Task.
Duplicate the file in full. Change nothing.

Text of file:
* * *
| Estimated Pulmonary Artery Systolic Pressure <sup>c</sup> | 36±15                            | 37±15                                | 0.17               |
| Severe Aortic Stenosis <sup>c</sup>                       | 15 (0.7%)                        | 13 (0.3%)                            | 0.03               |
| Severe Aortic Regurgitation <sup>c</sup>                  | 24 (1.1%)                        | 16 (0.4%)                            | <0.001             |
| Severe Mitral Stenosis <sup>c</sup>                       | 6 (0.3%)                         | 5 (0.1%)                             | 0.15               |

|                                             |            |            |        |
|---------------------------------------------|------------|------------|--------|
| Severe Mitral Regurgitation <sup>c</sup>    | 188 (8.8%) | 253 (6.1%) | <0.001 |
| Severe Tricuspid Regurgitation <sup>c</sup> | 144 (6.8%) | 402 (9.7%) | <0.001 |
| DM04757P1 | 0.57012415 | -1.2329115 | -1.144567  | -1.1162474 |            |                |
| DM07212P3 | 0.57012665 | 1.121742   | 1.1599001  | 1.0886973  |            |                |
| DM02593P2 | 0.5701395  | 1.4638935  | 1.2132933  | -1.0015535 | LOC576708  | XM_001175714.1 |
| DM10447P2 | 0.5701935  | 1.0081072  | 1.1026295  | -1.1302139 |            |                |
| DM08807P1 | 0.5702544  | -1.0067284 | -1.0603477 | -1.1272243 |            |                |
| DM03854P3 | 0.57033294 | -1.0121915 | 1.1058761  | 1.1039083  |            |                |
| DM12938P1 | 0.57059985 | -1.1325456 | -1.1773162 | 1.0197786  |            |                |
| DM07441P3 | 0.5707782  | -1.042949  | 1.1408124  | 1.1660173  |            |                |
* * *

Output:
| Estimated Pulmonary Artery Systolic Pressure <sup>c</sup> | 36±15                            | 37±15                                | 0.17               |
| Severe Aortic Stenosis <sup>c</sup>                       | 15 (0.7%)                        | 13 (0.3%)                            | 0.03               |
| Severe Aortic Regurgitation <sup>c</sup>                  | 24 (1.1%)                        | 16 (0.4%)                            | <0.001             |
| Severe Mitral Stenosis <sup>c</sup>                       | 6 (0.3%)                         | 5 (0.1%)                             | 0.15               |

|                                             |            |            |        |
|---------------------------------------------|------------|------------|--------|
| Severe Mitral Regurgitation <sup>c</sup>    | 188 (8.8%) | 253 (6.1%) | <0.001 |
| Severe Tricuspid Regurgitation <sup>c</sup> | 144 (6.8%) | 402 (9.7%) | <0.001 |
| DM04757P1 | 0.57012415 | -1.2329115 | -1.144567  | -1.1162474 |            |                |
| DM07212P3 | 0.57012665 | 1.121742   | 1.1599001  | 1.0886973  |            |                |
| DM02593P2 | 0.5701395  | 1.4638935  | 1.2132933  | -1.0015535 | LOC576708  | XM_001175714.1 |
| DM10447P2 | 0.5701935  | 1.0081072  | 1.1026295  | -1.1302139 |            |                |
| DM08807P1 | 0.5702544  | -1.0067284 | -1.0603477 | -1.1272243 |            |                |
| DM03854P3 | 0.57033294 | -1.0121915 | 1.1058761  | 1.1039083  |            |                |
| DM12938P1 | 0.57059985 | -1.1325456 | -1.1773162 | 1.0197786  |            |                |
| DM07441P3 | 0.5707782  | -1.042949  | 1.1408124  | 1.1660173  |            |                |